An announcement after the meeting of Syrian President Bashar Assad and Lebanese President Emile Lahoud said that after Syrian troops complete their withdrawal from northern and central Lebanon to the east, near Syria's border, military officials from the two countries will agree within a one month period on the duration and size of the Syrian military deployment remaining in the Bekaa.
After an agreed upon duration, the statement said, the two governments will "agree to complete the withdrawal of the remaining forces."
The agreement was vague about a complete withdrawal from Lebanon, not setting a specific timetable. This could fall short of international demands that Syria completely pull its troops from its eastern neighbor.
The announcement said the redeployment to the Bekaa, with a foothold in the high central mountains, was according to the 1989 Taif Accord that outlined Syria's withdrawal from Lebanon.
A joint military committee will be designated to draw an agreement in a "maximum" one-month period from the date of withdrawal to the Bekaa "to define the size and duration of the presence of the Syrian forces" and establish the relationship between these forces and Lebanese authorities.
"At the end of the agreed upon duration for the presence of Syrian forces," the announcement said, "the governments of Syria and Lebanon will agree on completion of the withdrawal of the remaining Syrian forces."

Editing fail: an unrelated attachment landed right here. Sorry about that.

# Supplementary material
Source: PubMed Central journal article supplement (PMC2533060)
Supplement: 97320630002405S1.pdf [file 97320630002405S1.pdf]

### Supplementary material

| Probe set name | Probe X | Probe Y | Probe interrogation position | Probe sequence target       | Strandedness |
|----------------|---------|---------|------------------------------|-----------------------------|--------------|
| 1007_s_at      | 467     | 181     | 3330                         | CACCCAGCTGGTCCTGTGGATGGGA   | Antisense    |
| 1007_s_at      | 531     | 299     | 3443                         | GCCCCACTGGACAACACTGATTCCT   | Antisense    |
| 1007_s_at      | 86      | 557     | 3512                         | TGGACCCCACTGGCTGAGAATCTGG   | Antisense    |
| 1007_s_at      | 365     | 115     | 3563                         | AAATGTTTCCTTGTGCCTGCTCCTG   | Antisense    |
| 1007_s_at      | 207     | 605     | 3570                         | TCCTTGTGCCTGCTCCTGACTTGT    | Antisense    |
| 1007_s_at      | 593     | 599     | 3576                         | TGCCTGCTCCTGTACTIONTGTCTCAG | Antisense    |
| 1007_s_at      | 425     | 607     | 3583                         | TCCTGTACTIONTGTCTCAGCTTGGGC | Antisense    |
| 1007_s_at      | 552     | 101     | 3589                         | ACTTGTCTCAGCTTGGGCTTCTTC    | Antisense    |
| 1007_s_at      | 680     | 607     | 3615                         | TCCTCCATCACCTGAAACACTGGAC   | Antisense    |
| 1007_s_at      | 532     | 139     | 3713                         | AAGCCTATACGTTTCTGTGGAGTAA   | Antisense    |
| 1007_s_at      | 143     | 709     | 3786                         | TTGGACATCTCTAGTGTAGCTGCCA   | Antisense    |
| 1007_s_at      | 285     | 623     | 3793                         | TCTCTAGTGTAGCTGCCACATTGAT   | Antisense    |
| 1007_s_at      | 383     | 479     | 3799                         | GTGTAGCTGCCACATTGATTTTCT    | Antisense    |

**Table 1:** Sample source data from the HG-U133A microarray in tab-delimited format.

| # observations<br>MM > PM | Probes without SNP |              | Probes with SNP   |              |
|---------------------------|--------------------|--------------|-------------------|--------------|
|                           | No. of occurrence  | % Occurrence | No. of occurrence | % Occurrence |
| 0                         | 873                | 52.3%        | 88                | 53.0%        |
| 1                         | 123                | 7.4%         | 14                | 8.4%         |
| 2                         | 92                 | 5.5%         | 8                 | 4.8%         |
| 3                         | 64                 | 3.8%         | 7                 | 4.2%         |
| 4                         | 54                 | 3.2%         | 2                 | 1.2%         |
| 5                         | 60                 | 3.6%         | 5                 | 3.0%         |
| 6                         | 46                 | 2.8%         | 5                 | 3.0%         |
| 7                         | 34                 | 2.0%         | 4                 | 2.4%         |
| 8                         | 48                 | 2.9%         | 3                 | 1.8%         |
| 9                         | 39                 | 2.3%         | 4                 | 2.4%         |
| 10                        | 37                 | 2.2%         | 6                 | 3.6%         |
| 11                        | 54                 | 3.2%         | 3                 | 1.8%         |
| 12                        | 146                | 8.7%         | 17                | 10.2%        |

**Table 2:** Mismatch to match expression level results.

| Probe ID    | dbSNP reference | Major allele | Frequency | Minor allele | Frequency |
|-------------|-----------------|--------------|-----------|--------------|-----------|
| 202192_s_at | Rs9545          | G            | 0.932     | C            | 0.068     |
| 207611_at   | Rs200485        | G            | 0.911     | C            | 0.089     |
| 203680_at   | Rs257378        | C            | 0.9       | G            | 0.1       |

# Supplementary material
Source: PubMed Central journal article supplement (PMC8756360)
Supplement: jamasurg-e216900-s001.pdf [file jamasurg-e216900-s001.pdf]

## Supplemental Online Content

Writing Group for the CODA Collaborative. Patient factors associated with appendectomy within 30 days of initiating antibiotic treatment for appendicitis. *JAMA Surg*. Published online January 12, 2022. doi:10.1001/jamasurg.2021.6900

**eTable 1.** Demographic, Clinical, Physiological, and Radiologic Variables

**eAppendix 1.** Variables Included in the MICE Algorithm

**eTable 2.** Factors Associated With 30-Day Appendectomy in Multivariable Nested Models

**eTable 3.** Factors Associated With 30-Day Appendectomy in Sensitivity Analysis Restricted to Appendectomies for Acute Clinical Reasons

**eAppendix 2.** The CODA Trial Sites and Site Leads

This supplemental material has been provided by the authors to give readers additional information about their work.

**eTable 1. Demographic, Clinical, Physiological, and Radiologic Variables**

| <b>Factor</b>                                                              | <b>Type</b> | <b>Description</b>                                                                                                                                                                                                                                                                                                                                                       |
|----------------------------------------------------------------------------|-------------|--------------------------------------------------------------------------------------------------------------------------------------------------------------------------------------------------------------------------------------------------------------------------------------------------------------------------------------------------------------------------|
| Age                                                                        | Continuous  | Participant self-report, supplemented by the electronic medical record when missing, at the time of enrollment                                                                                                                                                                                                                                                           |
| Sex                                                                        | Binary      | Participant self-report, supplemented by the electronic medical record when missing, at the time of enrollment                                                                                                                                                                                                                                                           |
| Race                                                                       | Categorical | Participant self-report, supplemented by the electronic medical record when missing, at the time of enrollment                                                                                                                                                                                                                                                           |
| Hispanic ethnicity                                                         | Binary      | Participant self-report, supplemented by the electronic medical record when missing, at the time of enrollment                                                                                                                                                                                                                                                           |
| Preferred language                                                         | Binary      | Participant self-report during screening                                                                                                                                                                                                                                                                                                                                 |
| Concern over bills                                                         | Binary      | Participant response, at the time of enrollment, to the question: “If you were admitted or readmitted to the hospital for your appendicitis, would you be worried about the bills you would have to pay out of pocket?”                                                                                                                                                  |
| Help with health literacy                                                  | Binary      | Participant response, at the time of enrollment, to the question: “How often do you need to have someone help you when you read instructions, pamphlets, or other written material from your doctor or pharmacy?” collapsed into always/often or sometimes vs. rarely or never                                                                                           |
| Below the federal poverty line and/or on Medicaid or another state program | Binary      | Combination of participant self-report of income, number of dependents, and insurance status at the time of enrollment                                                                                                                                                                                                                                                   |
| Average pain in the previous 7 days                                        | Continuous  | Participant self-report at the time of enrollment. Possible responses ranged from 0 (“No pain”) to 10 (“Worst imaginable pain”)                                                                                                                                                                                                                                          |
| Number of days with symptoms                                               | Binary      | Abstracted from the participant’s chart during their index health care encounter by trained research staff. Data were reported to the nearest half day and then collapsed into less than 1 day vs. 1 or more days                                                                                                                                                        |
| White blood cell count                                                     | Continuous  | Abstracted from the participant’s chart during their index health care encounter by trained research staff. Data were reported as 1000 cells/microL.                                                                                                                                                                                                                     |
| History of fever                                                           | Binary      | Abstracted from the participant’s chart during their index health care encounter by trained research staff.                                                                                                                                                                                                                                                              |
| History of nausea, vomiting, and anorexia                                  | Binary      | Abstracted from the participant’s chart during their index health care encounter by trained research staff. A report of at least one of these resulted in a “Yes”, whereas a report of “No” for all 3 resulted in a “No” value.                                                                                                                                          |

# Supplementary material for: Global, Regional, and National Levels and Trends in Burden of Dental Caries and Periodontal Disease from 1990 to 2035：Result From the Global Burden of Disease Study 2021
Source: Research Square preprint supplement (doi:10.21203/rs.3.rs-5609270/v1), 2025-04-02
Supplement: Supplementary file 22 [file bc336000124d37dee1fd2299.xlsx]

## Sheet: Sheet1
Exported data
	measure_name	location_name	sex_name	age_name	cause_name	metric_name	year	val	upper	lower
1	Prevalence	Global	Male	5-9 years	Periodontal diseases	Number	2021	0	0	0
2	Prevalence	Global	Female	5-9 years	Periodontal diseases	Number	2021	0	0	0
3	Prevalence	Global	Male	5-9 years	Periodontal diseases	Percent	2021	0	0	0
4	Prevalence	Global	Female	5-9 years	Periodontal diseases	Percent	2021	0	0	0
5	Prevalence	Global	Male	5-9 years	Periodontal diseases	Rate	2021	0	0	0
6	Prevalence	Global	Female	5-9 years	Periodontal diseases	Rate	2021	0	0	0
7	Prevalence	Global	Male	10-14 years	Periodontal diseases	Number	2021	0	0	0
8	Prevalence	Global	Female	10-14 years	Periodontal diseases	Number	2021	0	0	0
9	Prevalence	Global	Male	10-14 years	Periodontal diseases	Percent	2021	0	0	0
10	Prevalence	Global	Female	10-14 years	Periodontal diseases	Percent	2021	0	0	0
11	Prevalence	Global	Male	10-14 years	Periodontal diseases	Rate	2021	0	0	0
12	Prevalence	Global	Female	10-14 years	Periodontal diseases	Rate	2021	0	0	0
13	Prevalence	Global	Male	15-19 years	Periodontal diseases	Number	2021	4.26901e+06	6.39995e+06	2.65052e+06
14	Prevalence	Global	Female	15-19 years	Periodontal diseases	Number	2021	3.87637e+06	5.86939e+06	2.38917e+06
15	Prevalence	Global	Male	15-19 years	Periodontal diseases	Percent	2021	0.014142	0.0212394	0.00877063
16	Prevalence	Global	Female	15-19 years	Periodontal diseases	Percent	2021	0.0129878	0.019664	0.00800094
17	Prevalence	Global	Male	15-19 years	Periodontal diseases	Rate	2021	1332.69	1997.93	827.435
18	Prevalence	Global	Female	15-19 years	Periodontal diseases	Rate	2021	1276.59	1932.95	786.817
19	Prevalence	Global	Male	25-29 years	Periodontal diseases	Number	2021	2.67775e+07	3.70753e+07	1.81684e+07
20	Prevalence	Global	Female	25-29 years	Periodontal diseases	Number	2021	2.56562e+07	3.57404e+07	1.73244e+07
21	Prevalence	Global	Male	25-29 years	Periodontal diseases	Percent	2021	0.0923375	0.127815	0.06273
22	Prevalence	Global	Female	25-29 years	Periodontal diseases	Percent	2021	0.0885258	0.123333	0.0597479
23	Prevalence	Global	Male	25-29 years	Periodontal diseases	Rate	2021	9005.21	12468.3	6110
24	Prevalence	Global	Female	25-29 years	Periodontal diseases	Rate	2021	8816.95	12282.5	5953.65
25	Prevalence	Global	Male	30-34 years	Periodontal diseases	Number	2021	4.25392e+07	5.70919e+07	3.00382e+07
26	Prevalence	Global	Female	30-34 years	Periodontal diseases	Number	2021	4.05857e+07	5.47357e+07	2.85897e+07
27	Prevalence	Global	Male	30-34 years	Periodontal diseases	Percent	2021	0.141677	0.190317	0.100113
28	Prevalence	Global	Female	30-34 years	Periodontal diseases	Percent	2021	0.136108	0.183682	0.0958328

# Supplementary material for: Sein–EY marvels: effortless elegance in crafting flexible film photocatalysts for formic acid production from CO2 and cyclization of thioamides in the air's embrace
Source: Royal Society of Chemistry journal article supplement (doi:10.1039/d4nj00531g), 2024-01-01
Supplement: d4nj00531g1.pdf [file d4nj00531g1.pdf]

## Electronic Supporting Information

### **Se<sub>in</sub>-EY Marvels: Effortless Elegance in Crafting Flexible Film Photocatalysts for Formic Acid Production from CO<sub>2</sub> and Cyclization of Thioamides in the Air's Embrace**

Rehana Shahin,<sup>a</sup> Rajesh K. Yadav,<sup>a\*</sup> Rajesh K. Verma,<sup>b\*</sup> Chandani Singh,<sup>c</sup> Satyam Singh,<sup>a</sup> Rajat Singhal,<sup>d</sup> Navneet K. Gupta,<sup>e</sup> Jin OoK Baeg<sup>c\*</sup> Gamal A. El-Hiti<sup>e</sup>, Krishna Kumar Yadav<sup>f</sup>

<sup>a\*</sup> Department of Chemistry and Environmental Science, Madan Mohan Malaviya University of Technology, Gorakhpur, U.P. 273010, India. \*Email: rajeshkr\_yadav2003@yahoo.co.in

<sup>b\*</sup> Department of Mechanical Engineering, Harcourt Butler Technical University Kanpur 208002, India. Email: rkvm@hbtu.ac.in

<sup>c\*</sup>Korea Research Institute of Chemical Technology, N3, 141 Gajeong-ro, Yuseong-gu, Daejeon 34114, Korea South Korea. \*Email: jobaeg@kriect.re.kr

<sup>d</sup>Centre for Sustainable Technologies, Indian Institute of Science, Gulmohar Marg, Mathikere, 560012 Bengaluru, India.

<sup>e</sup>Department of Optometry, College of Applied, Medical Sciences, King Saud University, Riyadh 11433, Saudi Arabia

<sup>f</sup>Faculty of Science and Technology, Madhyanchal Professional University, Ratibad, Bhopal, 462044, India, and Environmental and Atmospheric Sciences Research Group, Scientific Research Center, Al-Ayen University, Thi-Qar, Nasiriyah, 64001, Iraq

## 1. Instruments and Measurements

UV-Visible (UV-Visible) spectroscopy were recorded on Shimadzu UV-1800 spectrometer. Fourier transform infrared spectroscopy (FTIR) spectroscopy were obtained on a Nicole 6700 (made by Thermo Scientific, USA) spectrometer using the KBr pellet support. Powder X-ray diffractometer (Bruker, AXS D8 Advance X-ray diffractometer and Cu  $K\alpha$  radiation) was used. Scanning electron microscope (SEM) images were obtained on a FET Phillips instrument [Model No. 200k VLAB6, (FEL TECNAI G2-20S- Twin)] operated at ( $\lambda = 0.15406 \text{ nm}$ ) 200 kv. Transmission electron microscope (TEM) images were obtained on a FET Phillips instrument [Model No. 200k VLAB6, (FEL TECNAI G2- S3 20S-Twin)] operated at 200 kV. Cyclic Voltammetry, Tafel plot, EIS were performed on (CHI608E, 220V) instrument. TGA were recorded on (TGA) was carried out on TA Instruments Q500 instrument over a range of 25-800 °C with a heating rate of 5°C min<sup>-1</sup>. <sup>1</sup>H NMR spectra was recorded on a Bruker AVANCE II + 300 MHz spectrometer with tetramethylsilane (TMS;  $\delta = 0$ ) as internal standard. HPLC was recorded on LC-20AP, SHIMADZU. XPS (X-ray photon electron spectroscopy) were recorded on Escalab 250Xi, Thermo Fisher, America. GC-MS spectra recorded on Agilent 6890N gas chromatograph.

The United States issued a strong statement of dissatisfaction with a speech by Assad on Saturday, in which he initially announced the pull back.
"As President Bush said Friday, when the United States and France say withdraw, we mean complete withdrawal — no halfhearted measures," the statement said.
In Syria, news of the troop redeployment has been greeted positively, reports CBS News Correspondent Elizabeth Palmer. Syrians seem to believe that, despite the stern tone of the Bush administration, the U.S. will now be hesitant to impose sanctions.
Syria has kept troops in Lebanon since 1976, when they were sent as peacekeepers during that country's 1975-1990 civil war. When the war ended, the troops remained and Damascus continued to wield decisive influence with Lebanese officials. Lebanon has been gripped by four weeks of political turmoil, set off by the assassination of a popular former prime minister.
The 1989 Arab-brokered Taif Accord called for Syria to move its troops to the Lebanese border and for both countries to then negotiate the withdrawal.
The September U.N. resolution, drafted by the United States and France in September, called on Syria to withdraw forces from Lebanon, stop influencing politics in the country and allow Lebanon to hold presidential elections as scheduled.
Thousands of Lebanese have staged almost daily protests since the Feb. 14 assassination of former Prime Minister Rafik Hariri in Beirut, which many in Lebanon blame on their pro-Syrian government and its Syrian backers. Both Lebanon and Syria deny involvement.
Hariri, 60, resigned last year amid opposition to a Syrian-backed constitutional amendment enabling his rival, President Emile Lahoud, to extend his term in office.